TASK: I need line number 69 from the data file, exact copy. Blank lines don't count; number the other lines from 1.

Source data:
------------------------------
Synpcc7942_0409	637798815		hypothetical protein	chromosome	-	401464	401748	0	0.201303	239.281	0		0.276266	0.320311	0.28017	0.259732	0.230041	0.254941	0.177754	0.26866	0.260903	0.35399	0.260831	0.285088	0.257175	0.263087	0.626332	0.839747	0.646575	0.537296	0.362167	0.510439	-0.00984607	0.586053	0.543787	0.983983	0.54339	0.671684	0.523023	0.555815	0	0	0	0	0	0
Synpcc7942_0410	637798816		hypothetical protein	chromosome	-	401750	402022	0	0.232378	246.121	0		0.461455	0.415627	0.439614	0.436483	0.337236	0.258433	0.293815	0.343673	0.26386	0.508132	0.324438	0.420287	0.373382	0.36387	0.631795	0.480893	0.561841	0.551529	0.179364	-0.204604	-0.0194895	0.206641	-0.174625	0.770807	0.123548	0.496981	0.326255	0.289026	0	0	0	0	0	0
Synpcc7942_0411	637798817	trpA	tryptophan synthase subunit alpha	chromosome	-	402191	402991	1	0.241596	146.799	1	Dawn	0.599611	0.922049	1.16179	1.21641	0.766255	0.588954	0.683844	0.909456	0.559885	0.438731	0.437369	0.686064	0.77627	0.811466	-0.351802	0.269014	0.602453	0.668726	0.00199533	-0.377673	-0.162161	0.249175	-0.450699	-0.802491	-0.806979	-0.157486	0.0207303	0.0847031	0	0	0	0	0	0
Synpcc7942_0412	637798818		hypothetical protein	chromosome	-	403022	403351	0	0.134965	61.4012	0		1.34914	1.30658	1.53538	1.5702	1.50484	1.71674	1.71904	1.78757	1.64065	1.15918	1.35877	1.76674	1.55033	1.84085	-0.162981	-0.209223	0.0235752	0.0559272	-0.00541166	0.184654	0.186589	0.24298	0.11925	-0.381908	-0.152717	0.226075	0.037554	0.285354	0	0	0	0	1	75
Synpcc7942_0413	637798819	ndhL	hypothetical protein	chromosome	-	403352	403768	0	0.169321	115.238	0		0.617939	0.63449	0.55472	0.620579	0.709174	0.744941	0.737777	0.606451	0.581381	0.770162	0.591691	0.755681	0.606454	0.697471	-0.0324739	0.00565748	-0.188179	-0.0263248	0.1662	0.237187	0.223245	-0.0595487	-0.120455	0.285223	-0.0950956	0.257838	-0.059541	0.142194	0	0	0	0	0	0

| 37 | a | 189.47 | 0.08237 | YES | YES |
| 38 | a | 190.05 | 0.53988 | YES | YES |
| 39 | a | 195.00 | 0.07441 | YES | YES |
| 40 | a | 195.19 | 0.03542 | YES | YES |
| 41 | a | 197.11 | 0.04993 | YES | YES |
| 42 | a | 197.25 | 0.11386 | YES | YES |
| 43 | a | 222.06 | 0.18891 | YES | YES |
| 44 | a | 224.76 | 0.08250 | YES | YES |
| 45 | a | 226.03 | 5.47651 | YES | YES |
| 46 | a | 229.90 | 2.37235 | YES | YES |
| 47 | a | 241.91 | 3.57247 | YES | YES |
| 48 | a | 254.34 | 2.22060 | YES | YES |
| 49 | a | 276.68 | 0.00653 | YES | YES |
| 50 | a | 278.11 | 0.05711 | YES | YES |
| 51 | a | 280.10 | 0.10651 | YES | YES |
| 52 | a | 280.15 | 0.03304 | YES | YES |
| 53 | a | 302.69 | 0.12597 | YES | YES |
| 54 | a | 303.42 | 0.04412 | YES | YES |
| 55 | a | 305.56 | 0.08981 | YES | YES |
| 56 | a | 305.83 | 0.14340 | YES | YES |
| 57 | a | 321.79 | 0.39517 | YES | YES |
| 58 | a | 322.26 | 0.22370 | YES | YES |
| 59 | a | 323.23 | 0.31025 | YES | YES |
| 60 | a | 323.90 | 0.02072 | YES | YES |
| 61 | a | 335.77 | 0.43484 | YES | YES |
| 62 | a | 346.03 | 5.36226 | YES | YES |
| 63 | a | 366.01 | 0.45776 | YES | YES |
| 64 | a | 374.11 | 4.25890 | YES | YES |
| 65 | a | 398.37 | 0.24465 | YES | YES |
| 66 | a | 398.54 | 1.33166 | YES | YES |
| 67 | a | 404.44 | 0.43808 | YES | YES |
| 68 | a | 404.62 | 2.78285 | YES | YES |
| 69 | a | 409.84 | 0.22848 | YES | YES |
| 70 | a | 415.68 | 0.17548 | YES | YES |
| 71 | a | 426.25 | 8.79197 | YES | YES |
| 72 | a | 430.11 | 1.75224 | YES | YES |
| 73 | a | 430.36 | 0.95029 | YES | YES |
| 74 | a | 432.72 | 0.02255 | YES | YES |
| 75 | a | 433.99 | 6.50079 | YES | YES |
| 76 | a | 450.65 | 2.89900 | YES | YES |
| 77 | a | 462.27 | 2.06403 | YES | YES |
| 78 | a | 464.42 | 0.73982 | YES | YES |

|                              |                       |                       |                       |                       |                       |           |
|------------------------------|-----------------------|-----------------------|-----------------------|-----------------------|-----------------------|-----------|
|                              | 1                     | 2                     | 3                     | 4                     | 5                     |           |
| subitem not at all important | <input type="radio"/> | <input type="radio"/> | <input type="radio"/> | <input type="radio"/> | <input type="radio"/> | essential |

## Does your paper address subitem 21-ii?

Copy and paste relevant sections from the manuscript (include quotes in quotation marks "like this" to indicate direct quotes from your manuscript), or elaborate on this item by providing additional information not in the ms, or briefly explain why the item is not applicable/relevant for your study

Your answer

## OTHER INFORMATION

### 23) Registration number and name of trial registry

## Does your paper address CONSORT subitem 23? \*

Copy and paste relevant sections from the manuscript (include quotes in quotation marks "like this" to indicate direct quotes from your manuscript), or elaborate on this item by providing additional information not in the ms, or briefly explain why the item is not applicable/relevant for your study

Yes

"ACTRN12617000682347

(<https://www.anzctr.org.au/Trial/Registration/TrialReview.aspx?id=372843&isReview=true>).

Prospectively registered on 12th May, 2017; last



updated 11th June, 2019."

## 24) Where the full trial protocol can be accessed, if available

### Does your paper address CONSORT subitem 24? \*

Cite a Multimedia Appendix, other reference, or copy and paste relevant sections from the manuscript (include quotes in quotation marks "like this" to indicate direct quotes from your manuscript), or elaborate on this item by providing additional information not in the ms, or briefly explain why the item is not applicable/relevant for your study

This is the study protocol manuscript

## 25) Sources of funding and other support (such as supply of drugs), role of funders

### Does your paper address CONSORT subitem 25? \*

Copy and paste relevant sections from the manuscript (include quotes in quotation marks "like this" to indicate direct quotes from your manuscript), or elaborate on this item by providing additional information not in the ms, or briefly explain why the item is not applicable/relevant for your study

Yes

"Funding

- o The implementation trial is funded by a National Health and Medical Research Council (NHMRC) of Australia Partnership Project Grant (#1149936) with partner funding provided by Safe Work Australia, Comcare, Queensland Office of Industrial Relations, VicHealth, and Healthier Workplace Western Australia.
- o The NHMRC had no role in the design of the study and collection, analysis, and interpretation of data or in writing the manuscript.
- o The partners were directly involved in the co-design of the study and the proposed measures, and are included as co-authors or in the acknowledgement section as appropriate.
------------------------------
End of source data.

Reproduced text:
### Does your paper address CONSORT subitem 25? \*